The Best Way to Find a Deal on Last-minute Flights, According to Experts

Award deals and airline points are your friends.

<p>Azman L./Getty Images</p>

Azman L./Getty Images

Airfare is notoriously volatile — a flight can be $300 one day and $600 the next. All it takes is an increase in demand or a flight to reach a certain percentage of seats sold for the algorithm that determines flight prices to raise the rates.

Prices can be extra unstable for last-minute travelers, as airlines know that business travelers are willing to pay big bucks for the last few seats. Last-minute leisure travelers tend to take the hit — that is, unless they have award miles or airline points to use.

“If you are paying in cash, it can be ridiculously expensive when booking last minute, but paying in points and miles can often see the same award price you would have paid had you booked months in advance — not always, but often," Katy Nastro, a travel expert and company spokesperson for Going, told Travel + Leisure. "When cash prices are high, which is usually last minute, this is really where you get the most bang for your buck when using awards."

As long as there are seats available, Nastro said airlines will typically allow travelers to use their points up until the day of departure. That said, once a flight is close to being filled, the award seats can be limited, and “some airlines also charge close-in booking fees, or increase mileage costs for flights within the next 30 days.”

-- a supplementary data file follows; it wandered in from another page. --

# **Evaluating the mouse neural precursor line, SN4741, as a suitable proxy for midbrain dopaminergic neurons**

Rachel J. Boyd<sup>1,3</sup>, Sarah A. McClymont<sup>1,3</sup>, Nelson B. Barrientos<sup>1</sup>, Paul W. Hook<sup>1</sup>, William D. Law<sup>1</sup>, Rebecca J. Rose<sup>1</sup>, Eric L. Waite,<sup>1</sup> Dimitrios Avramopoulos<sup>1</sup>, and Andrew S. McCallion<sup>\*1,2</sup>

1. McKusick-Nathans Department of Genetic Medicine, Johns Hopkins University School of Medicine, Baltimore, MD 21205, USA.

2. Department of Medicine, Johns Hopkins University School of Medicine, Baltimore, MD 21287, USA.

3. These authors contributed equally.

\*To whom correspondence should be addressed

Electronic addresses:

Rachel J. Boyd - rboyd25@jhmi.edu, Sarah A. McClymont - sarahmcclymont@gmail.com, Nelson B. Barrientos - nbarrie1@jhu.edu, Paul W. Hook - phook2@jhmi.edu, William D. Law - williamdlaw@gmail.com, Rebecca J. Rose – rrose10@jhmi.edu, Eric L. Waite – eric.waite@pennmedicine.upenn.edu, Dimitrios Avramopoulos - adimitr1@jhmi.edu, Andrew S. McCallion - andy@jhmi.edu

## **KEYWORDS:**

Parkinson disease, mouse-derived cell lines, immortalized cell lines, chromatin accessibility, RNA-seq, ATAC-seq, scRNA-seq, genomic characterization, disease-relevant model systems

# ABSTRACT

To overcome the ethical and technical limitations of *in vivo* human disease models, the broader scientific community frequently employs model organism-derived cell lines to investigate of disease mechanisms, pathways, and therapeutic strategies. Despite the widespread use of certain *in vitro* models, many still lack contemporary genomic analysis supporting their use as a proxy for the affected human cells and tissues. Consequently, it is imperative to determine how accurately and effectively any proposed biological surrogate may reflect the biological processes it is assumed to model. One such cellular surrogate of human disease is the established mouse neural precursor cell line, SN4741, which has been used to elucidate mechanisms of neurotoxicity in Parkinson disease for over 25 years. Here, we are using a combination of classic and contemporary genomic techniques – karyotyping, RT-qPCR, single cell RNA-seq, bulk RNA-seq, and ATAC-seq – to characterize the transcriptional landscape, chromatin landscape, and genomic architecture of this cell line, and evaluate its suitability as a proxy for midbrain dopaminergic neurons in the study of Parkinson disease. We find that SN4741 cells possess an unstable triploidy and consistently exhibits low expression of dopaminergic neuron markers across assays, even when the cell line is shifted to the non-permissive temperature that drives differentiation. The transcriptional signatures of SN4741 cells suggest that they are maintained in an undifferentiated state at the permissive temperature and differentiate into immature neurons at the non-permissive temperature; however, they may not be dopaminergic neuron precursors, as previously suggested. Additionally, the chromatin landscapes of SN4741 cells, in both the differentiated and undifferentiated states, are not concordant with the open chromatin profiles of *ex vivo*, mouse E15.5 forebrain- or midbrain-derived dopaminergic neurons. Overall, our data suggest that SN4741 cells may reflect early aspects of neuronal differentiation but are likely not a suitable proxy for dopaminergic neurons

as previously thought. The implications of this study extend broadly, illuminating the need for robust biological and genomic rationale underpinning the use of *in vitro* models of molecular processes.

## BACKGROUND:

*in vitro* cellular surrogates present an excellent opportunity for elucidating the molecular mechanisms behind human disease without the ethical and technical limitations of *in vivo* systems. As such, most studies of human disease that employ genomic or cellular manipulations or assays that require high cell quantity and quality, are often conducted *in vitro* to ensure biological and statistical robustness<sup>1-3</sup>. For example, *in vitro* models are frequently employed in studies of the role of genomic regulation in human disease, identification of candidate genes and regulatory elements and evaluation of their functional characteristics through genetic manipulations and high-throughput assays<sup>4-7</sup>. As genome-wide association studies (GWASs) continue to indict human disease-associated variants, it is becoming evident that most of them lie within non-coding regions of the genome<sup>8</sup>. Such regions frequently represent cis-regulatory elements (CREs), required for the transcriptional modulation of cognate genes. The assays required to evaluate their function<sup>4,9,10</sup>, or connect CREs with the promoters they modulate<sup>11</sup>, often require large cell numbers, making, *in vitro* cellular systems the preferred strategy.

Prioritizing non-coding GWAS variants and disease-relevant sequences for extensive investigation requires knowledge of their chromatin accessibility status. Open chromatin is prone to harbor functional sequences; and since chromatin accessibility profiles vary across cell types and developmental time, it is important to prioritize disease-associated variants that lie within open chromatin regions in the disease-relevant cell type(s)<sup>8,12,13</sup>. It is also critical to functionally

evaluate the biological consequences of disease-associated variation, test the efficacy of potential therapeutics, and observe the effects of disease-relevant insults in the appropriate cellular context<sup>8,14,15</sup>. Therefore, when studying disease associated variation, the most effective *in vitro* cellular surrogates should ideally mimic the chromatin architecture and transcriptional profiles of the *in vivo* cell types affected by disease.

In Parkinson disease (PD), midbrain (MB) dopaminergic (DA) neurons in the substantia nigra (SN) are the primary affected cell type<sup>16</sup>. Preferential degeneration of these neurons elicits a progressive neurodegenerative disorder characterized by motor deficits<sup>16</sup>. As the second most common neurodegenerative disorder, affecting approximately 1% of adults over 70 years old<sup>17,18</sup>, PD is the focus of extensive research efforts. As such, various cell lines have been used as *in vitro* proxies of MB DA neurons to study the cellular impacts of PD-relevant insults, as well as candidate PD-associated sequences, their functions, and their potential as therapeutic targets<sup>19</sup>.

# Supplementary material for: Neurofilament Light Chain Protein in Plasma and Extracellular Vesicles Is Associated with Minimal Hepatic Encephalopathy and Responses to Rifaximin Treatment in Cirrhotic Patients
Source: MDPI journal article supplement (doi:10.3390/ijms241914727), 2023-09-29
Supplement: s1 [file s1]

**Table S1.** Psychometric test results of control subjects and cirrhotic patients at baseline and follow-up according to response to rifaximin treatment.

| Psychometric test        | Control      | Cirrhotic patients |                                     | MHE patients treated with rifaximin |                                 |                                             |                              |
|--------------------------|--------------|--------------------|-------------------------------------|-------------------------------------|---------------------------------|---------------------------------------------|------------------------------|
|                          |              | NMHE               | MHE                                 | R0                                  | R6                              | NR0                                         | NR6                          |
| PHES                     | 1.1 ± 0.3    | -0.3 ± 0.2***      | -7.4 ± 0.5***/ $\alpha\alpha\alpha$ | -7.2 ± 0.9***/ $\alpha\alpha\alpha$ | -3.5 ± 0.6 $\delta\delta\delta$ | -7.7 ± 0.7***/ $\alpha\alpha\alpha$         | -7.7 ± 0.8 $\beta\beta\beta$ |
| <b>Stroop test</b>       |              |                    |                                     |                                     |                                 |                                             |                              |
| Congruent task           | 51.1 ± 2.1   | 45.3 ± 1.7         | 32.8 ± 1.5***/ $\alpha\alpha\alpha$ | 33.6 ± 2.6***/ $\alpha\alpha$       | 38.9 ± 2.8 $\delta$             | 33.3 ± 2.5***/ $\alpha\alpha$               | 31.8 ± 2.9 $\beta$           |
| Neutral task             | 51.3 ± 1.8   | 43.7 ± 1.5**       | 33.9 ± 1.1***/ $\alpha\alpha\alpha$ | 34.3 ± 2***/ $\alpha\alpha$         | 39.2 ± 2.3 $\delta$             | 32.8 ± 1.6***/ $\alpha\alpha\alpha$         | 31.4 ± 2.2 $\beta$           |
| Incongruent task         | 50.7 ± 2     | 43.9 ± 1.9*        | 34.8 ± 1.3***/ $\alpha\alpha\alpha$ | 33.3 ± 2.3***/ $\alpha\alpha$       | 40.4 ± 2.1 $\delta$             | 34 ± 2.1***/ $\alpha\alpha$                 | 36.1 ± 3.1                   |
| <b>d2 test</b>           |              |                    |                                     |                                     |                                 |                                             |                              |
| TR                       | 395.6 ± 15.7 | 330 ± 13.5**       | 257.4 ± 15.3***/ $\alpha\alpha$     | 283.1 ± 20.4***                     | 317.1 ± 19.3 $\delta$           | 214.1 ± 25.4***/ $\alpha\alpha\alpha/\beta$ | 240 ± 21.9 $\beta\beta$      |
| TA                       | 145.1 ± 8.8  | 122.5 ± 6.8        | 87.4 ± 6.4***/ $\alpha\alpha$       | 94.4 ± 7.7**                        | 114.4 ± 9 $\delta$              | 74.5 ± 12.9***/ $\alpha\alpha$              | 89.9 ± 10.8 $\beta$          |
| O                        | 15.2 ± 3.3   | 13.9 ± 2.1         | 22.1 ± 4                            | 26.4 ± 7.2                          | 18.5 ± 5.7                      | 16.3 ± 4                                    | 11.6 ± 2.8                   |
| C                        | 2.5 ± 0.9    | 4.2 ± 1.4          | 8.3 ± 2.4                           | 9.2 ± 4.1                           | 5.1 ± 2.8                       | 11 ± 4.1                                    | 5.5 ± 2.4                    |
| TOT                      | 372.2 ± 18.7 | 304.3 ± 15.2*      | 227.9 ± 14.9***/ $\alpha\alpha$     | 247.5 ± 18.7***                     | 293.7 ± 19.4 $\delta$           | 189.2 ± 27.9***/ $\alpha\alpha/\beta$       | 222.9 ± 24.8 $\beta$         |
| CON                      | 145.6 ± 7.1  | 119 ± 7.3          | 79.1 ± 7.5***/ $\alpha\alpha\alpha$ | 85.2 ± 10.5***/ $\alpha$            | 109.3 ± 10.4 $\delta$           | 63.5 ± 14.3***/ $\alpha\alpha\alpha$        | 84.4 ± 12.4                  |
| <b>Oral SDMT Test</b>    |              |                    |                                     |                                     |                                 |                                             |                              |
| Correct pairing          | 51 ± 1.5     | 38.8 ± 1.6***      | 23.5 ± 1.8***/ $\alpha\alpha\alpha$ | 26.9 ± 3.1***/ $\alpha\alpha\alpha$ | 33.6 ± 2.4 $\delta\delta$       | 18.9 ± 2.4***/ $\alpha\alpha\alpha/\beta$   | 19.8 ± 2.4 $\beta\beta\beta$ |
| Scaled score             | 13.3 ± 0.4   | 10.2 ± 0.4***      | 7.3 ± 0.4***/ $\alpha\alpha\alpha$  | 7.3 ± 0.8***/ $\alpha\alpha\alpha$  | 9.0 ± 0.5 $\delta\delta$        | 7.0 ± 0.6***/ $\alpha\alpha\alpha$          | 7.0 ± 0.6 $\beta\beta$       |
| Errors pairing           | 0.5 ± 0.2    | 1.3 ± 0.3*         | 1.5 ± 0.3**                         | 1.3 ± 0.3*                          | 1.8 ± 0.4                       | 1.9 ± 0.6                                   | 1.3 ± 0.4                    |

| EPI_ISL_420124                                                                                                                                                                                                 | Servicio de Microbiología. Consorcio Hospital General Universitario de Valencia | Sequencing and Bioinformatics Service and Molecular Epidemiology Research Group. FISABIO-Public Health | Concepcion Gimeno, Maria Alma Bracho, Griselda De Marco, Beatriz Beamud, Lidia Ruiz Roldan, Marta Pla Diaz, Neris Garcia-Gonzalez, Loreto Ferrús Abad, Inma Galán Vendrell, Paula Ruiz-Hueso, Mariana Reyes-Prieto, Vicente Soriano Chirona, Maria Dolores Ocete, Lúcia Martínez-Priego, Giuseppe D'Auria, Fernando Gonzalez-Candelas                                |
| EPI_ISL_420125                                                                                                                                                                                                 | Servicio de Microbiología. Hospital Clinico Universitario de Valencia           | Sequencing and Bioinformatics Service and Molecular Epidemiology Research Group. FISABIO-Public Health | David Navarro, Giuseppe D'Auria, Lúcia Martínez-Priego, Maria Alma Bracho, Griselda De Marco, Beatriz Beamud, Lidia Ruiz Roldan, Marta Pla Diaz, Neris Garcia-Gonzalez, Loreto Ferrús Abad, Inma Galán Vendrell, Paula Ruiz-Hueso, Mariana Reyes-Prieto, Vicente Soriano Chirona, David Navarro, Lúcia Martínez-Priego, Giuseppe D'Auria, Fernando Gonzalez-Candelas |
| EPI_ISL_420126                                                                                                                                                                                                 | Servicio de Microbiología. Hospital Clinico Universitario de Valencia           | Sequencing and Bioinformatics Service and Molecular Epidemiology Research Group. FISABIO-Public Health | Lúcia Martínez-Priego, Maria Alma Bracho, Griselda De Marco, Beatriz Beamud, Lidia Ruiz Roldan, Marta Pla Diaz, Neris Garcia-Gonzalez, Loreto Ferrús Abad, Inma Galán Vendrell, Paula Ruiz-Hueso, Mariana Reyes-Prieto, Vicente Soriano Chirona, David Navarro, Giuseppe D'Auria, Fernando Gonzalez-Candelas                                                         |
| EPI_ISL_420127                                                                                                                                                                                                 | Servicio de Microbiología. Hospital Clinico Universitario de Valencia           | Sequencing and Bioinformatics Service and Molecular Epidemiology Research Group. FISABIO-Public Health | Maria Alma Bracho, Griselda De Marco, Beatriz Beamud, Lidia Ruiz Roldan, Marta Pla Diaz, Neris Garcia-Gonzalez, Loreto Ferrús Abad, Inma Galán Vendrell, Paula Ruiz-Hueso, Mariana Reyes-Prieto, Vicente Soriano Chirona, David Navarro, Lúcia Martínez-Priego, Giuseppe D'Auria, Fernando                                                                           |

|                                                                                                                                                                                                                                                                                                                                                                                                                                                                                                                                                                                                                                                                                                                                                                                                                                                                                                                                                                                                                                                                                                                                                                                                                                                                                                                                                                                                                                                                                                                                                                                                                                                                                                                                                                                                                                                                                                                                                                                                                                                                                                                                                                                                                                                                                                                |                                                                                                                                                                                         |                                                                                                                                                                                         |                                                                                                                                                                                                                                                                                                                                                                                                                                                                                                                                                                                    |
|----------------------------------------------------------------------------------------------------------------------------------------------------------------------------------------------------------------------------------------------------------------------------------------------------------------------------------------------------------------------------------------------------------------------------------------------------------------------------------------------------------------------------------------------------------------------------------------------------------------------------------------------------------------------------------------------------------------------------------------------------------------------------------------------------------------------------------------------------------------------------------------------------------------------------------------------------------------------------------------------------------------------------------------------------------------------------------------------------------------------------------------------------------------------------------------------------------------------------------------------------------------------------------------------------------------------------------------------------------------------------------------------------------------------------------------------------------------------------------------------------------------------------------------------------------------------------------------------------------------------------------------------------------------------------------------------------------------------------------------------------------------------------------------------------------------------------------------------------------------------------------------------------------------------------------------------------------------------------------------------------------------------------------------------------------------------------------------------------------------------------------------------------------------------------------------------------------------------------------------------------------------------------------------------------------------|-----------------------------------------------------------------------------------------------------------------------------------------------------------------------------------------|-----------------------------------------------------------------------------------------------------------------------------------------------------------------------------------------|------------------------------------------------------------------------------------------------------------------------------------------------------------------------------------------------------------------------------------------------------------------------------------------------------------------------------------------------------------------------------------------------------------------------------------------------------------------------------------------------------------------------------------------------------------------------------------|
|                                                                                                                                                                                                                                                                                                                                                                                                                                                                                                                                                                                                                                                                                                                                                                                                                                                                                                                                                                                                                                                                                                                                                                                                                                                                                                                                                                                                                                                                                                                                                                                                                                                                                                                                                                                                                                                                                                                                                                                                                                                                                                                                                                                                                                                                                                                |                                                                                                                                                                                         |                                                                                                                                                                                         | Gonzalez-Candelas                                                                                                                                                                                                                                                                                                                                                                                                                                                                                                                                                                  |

In short, booking a last-minute flight with points or miles is possible — and typically a better deal than paying cash — but finding a good deal takes some know-how. Here are some tips that Nastro and the Going team suggest you keep in mind.

Airlines typically release award seating a year out, and keep award bookings open until the last minute.

In general, airlines release their flight schedule a year in advance, and their award seating shortly after. Air France, for example, releases its award fares 359 days in advance, while Delta Air Lines waits until 331 days before departure. (The award calendar release date for each airline can be found here.)

If you’re a last-minute traveler, there will likely still be award seats, but they might not be available on a specific flight or in your preferred class of service.

"Airlines typically don’t remove the ability to book a flight with points and miles. You can even book on the day of departure," Nastro and Daniel Burnham, Going’s senior product operations specialist, told T+L. "But because in many cases, there are limited seats available to book with miles, there may or may not be last-minute availability on any specific flight or class of service.”

The best use of your miles or points will likely not be the airline you have them with.

Most airlines belong to one of three major airline alliances: Star Alliance, Oneworld, or Skyteam. United Airlines, for example, is part of Star Alliance so it will cross-sell Lufthansa and Air Canada flights, among others.